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What client service looks like in the digital age

30th Jul 2018
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As digitalisation transforms almost every aspect of the profession, July’s Accounting Excellence panel demonstrates how the client is now more than ever “at the heart of what you do”.

Client service has always been a priority for accountants. But as the Accounting Excellence data shows, the digital age has evolved the way firms deliver client service. In July’s Accounting Excellence Talks (now available on-demand), Simon Kallu (Growth Factor), Nikki Adams (Ad Valorem) and Mike Phillips (Receipt Bank) discussed the tools, techniques and processes that they have used or seen to drive excellent client service.

Value that accountants can add

A key discussion emerging out of Accounting Excellence Talks concerned the ubiquitous phrases ‘trusted adviser’ and ‘advisory practice’.

Many firms, including those on the Accounting Excellence Talks panel, have pivoted towards an advisory approach. This deviates from the narrative that accounting tech is the death knell for human interaction. As Ad Valorem's Adams said: “I think in the digital age, client service has to be more human. Every touchpoint with them has to be personal, they have to feel that you care about them and that you're considering their needs.”

She added: “If it's all online and you don't talk to that client, then how are you going to get that trusted adviser status?”

How to bring added value services to your firm

But while much has been written about trusted adviser and advisory services, what these phrases actually mean in practice still remain sketchy for many accountants.

For Growth Factor’s Simon Kallu, you can learn better client service and value-add from researching different industries. “If you go to a restaurant and the service is amazing, why was it amazing? What was the touch? What made it different than going to a standard restaurant? What was the value?” asked Kallu.

So how can accounting firms bring these buzzwords to life and deliver a tangible service to their clients? Kallu has developed a performance plan as a value-added service that his firm conducts with every client – from a sole trader to a virtual CFO client - no matter their size. The “vision process” establishes the client’s three to five-year goals and any roadblocks that would prevent them from achieving it. Kallu then uses forecasting software like Spotlight or Futrli to report the client’s actual progress against the plan.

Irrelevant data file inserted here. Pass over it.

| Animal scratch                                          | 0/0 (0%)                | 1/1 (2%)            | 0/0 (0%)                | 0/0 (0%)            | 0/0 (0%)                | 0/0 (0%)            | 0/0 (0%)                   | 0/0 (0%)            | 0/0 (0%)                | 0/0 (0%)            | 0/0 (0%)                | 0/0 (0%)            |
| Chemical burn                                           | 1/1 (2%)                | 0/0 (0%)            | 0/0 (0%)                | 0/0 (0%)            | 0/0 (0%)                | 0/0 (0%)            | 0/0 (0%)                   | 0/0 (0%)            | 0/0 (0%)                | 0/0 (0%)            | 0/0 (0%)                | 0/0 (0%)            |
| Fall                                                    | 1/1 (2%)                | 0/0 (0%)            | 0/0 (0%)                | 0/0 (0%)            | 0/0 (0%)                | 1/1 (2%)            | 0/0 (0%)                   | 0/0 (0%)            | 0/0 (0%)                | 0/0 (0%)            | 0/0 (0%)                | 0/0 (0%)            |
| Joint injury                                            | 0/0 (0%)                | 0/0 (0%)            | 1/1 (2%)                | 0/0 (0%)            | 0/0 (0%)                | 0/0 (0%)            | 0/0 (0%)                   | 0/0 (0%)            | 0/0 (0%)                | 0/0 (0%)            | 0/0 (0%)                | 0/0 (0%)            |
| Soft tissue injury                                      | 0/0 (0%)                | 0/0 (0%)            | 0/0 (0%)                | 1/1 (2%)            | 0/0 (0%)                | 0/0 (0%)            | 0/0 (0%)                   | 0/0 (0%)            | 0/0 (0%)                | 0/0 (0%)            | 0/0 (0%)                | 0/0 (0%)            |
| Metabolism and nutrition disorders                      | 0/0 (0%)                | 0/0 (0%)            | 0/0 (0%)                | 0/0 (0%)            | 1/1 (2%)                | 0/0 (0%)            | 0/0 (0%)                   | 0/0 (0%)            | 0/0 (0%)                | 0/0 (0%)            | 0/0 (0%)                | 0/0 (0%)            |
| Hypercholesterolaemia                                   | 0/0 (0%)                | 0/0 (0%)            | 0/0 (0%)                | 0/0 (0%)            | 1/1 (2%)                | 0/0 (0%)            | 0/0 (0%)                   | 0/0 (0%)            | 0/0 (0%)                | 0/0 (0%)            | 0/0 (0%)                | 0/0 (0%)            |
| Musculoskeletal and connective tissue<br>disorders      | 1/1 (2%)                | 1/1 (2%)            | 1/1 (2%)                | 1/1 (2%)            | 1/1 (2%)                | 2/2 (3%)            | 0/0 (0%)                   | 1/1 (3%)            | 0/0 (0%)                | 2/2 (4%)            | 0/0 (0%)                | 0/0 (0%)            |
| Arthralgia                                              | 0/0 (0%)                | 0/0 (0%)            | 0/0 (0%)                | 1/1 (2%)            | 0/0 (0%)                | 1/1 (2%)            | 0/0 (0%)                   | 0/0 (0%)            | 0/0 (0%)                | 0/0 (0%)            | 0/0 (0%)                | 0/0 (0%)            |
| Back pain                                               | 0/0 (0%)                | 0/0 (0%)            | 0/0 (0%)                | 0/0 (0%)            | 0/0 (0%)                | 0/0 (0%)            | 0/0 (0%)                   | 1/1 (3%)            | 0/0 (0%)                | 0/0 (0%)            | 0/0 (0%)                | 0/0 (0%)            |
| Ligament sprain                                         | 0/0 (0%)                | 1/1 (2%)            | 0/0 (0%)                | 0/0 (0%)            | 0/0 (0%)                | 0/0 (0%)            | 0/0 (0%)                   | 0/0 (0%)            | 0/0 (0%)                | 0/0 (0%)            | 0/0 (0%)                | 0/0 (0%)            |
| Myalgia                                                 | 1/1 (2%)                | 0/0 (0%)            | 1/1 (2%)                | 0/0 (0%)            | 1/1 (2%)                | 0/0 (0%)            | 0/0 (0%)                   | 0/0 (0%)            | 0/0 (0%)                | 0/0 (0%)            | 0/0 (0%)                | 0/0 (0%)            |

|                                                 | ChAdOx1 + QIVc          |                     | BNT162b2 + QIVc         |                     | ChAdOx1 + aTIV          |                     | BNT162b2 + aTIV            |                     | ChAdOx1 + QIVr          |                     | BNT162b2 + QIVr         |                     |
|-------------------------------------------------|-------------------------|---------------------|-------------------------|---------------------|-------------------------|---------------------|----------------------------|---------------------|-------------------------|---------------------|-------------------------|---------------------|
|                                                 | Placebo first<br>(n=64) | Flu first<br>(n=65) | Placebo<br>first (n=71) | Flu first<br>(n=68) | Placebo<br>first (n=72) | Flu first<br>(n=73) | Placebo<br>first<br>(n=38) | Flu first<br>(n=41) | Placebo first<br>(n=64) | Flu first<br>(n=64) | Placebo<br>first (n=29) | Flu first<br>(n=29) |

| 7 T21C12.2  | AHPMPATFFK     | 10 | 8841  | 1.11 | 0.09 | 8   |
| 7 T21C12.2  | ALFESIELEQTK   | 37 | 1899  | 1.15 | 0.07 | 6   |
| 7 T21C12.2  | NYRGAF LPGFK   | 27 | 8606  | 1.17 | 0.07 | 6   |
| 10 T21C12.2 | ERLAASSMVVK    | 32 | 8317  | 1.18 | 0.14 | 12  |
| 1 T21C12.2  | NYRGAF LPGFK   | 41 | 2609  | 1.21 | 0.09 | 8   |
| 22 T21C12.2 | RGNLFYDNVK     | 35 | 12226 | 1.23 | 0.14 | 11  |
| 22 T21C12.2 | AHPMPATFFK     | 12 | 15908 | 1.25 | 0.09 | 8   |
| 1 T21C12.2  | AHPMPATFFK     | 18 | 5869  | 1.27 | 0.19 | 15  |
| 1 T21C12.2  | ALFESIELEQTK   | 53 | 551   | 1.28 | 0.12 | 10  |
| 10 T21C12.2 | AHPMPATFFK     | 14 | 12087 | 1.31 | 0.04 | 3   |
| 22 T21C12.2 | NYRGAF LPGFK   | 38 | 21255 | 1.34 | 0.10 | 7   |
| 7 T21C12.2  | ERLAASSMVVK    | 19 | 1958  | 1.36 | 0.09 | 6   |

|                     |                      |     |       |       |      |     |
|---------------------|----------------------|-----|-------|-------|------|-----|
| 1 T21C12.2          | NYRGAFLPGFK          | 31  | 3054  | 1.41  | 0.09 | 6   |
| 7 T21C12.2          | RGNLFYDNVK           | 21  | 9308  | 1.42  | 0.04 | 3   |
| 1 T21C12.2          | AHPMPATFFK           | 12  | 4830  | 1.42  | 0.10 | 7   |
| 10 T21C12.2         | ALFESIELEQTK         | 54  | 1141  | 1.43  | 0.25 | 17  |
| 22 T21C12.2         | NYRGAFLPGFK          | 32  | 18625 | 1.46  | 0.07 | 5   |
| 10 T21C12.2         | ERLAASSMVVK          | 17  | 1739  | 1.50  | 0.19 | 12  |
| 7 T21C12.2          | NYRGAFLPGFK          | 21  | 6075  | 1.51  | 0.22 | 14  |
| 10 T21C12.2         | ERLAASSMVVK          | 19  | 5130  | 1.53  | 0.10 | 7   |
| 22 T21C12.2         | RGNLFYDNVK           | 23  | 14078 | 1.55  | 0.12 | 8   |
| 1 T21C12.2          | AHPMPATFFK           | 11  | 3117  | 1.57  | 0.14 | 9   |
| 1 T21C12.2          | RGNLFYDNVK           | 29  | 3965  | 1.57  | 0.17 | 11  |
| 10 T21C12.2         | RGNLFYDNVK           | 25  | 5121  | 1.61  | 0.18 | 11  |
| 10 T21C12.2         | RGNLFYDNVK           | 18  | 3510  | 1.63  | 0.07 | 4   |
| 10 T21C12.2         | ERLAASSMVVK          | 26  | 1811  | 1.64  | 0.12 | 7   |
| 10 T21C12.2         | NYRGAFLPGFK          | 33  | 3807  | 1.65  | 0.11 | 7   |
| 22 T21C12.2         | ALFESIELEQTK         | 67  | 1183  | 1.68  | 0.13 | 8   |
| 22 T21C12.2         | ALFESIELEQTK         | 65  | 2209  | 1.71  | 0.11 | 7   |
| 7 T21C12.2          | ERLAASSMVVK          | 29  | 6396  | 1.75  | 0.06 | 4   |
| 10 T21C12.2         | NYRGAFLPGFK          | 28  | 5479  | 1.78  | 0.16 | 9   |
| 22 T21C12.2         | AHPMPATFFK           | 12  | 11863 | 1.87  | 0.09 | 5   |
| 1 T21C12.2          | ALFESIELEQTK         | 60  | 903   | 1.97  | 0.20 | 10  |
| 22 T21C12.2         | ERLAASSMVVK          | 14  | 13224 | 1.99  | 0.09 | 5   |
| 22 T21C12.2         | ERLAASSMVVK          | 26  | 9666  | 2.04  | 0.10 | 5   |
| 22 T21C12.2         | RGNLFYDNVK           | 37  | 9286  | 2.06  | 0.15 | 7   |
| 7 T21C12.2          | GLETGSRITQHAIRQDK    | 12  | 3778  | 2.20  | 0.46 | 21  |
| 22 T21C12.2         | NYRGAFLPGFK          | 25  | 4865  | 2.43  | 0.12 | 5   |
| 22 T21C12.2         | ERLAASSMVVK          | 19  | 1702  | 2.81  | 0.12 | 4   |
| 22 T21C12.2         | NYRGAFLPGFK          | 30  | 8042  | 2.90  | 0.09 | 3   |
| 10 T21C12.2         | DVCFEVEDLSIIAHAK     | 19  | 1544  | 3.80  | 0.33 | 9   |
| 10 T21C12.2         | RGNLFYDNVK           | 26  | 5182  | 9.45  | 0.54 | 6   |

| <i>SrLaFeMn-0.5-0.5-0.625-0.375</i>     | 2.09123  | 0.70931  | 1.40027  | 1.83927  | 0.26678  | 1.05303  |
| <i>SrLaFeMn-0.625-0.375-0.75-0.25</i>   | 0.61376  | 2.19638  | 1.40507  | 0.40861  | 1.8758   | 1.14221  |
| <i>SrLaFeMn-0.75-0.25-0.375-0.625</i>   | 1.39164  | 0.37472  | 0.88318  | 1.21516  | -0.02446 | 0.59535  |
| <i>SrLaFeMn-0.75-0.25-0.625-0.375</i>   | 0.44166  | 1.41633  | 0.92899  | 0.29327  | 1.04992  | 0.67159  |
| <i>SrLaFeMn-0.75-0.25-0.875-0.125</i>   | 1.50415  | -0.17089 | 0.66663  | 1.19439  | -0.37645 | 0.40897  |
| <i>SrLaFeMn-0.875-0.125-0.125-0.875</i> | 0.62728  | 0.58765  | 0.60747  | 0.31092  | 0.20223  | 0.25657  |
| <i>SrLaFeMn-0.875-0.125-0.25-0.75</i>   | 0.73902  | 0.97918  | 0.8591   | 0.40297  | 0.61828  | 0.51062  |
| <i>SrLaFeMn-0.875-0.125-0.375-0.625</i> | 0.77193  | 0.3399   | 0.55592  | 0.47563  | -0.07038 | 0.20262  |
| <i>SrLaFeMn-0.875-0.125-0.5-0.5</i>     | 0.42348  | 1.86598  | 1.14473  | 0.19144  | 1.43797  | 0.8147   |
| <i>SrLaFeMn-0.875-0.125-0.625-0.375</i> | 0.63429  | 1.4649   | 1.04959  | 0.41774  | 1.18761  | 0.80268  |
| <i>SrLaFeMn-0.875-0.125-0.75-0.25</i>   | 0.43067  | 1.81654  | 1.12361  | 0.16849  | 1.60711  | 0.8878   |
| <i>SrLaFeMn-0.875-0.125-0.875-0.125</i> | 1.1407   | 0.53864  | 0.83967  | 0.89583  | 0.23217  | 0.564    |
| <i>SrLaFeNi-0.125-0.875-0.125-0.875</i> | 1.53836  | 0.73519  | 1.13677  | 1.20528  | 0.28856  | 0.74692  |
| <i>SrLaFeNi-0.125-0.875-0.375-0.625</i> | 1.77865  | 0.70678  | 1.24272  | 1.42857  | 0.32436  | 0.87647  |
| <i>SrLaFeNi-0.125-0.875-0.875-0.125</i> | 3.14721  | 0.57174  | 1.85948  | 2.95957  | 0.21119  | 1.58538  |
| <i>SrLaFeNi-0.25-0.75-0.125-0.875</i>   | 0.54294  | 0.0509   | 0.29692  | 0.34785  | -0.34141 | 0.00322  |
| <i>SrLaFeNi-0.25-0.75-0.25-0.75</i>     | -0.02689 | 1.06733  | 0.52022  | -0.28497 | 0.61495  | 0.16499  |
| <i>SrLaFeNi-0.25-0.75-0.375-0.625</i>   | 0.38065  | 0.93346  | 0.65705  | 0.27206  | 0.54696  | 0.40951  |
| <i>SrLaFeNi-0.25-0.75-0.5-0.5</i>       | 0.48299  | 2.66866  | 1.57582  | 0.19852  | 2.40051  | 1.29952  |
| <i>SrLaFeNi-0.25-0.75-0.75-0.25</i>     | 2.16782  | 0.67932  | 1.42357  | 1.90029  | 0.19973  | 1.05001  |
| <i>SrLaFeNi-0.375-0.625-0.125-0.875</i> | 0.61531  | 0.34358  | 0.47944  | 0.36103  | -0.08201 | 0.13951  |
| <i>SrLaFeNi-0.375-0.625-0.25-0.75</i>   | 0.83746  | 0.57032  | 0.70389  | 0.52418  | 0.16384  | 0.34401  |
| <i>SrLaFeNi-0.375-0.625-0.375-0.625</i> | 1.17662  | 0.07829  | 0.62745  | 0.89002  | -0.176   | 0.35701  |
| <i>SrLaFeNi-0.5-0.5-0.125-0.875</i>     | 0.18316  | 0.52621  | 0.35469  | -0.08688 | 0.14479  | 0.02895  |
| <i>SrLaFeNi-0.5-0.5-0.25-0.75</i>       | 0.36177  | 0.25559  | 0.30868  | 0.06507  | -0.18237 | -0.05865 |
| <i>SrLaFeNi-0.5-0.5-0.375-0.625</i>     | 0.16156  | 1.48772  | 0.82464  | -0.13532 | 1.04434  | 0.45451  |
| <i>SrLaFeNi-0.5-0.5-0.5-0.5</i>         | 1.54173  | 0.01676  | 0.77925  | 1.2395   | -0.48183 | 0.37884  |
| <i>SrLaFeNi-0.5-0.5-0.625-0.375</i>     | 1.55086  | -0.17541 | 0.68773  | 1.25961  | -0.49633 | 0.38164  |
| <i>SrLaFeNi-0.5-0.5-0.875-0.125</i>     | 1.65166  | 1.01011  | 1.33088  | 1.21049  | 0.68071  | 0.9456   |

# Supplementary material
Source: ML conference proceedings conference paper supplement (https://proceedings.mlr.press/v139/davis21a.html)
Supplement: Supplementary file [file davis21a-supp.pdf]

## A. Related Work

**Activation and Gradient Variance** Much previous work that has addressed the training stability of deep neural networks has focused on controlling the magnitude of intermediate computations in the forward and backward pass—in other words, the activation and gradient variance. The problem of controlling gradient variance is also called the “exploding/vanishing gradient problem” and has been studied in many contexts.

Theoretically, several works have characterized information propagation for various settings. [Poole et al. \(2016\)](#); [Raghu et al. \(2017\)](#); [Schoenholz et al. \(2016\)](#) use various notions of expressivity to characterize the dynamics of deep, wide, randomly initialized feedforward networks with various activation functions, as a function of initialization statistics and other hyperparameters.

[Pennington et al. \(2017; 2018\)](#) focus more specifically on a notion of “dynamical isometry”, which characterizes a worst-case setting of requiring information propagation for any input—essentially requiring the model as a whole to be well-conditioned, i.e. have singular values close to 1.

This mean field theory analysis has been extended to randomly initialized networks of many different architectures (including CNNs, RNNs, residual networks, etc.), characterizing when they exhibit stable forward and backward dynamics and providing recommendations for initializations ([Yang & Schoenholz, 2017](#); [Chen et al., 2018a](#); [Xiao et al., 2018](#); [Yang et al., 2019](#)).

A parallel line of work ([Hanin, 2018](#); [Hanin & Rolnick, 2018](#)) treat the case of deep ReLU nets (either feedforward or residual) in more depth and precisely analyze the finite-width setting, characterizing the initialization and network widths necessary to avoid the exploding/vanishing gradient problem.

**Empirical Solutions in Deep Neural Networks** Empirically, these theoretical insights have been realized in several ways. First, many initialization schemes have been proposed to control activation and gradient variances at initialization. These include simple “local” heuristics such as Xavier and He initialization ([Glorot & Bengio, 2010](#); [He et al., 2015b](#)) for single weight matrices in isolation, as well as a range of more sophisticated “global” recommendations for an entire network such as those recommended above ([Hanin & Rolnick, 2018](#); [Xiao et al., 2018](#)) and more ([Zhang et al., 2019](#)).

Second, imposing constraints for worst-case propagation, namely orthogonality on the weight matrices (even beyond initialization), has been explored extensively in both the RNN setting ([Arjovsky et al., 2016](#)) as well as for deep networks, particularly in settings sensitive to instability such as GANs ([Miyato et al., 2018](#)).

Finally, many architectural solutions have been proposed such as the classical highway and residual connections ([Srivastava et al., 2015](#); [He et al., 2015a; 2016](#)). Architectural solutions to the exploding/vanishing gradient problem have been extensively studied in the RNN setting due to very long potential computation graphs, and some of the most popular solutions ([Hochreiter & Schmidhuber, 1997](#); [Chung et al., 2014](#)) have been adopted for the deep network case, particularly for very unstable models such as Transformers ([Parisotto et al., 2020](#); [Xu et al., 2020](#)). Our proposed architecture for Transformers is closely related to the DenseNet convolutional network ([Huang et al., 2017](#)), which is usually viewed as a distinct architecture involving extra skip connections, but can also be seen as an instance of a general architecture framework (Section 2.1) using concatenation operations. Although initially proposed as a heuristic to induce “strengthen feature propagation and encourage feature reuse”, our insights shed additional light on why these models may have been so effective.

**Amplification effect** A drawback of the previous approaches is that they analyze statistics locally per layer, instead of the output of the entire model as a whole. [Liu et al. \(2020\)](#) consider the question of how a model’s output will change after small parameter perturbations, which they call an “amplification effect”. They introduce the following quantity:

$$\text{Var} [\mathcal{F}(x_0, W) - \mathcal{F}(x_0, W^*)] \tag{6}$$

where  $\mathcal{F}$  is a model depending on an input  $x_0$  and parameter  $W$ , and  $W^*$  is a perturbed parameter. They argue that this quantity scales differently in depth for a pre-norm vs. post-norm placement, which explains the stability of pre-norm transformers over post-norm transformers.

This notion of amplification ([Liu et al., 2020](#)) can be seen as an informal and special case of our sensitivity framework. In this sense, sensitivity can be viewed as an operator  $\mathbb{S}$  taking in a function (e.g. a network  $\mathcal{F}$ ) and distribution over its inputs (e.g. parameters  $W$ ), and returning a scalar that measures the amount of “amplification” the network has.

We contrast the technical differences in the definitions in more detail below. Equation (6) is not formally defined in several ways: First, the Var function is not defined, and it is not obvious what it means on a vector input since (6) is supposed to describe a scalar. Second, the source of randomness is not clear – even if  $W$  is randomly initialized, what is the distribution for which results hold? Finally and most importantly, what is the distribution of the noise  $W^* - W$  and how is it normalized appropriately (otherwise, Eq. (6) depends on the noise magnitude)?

Accounting Excellence Talks sponsored by Receipt Bank

'How to deliver better client service in the digital age' is now available on-demand. Click here to watch

“If you haven't got a yardstick to measure performance against, how do they even know that they're performing well or not so well. In that sense, it adds a lot of value because it gives them clarity about where they're going.”

These meetings bring accountability. “As a minimum, even for a tiny client, every 90 days we'll have a conversation with them and ask them whether they have achieved those goals and then we'll reset the goals.”

Elsewhere, Ad Valorem’s Adams explained how her firm runs monthly tech drop-in sessions. This was borne out of the firm’s ‘millennial team' drive to increase cloud uptake within the business. Having that extra support has taken the fear factor away from non-tech savvy clients. “If they've got an iPhone they can use an app and with Receipt Bank the process is easy,” she explained.

Are these services profitable?

However, the hurdle in providing such services is pricing and justifying the chargeable time these services take to deliver. But Kallu and Adams look more at these events as a future business generator, rather than something where the profits are immediate.

“It is an opportunity to find out what the client needs and as they grow and if you can help them grow, your fee levels will grow with that client,” argued Kallu. “And you're just getting them there sooner with your expertise.”

He added: “If you've got a prospect and they're interested in your services you'd have a coffee with them for an hour. But a lot of the time accountants wouldn't sit with their own clients for an hour and they're the hottest prospects.”

Adams, too, is a proponent of client service above immediate revenue. Ad Valorem’s monthly tech training sessions are not time-sheet based and are available to all clients. “[The tech team] block out the day and a client would book in a time to come and see them. That's great because the client feels they are getting that one-to-one,” said Adams. This added service, in turn, translates into referrals, raving fans and like Kallu, the client grows too.

“If you ask a client what we should be doing they'll say 'our accounts'. If we give them what they want and we do it well they will pay more for that valuable service,” said Adams.  

More client service tips and tricks are to be found in the 60 minute Accounting Excellence Talks webcast, which is now available on-demand


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